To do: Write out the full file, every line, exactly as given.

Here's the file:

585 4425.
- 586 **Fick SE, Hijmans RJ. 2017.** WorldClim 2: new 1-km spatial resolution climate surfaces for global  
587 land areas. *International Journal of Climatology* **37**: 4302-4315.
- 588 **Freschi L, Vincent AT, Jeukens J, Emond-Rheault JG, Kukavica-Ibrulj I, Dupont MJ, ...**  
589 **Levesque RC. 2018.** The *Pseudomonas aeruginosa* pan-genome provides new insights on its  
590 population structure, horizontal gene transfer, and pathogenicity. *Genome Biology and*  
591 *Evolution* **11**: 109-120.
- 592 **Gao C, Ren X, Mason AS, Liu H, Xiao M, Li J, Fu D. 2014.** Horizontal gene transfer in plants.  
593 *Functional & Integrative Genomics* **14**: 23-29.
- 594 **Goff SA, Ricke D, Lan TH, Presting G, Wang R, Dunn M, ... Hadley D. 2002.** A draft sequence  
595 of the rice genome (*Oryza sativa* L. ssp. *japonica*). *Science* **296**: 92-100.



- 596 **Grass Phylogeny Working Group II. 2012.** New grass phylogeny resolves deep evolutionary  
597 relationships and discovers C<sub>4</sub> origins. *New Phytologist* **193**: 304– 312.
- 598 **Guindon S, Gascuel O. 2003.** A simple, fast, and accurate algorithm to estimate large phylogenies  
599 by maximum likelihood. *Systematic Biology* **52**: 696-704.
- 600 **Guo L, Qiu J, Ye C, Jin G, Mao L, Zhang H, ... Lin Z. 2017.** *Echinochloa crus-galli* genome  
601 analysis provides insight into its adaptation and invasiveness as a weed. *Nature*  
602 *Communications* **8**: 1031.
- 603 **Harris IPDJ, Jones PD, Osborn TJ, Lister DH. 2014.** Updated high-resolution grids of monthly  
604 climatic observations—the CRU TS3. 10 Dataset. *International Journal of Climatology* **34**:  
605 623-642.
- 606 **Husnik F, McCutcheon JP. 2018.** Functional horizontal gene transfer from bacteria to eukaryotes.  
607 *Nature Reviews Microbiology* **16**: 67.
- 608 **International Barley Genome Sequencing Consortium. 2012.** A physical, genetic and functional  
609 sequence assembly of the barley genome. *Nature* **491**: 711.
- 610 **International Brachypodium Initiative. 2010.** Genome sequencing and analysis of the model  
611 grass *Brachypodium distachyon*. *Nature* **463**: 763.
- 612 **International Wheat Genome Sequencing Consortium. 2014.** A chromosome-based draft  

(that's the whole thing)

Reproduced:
585 4425.
- 586 **Fick SE, Hijmans RJ. 2017.** WorldClim 2: new 1-km spatial resolution climate surfaces for global  
587 land areas. *International Journal of Climatology* **37**: 4302-4315.
- 588 **Freschi L, Vincent AT, Jeukens J, Emond-Rheault JG, Kukavica-Ibrulj I, Dupont MJ, ...**  
589 **Levesque RC. 2018.** The *Pseudomonas aeruginosa* pan-genome provides new insights on its  
590 population structure, horizontal gene transfer, and pathogenicity. *Genome Biology and*  
591 *Evolution* **11**: 109-120.
- 592 **Gao C, Ren X, Mason AS, Liu H, Xiao M, Li J, Fu D. 2014.** Horizontal gene transfer in plants.  
593 *Functional & Integrative Genomics* **14**: 23-29.
- 594 **Goff SA, Ricke D, Lan TH, Presting G, Wang R, Dunn M, ... Hadley D. 2002.** A draft sequence  
595 of the rice genome (*Oryza sativa* L. ssp. *japonica*). *Science* **296**: 92-100.



- 596 **Grass Phylogeny Working Group II. 2012.** New grass phylogeny resolves deep evolutionary  
597 relationships and discovers C<sub>4</sub> origins. *New Phytologist* **193**: 304– 312.
- 598 **Guindon S, Gascuel O. 2003.** A simple, fast, and accurate algorithm to estimate large phylogenies  
599 by maximum likelihood. *Systematic Biology* **52**: 696-704.
- 600 **Guo L, Qiu J, Ye C, Jin G, Mao L, Zhang H, ... Lin Z. 2017.** *Echinochloa crus-galli* genome  
601 analysis provides insight into its adaptation and invasiveness as a weed. *Nature*  
602 *Communications* **8**: 1031.
- 603 **Harris IPDJ, Jones PD, Osborn TJ, Lister DH. 2014.** Updated high-resolution grids of monthly  
604 climatic observations—the CRU TS3. 10 Dataset. *International Journal of Climatology* **34**:  
605 623-642.
- 606 **Husnik F, McCutcheon JP. 2018.** Functional horizontal gene transfer from bacteria to eukaryotes.  
607 *Nature Reviews Microbiology* **16**: 67.
- 608 **International Barley Genome Sequencing Consortium. 2012.** A physical, genetic and functional  
609 sequence assembly of the barley genome. *Nature* **491**: 711.
- 610 **International Brachypodium Initiative. 2010.** Genome sequencing and analysis of the model  
611 grass *Brachypodium distachyon*. *Nature* **463**: 763.
- 612 **International Wheat Genome Sequencing Consortium. 2014.** A chromosome-based draft  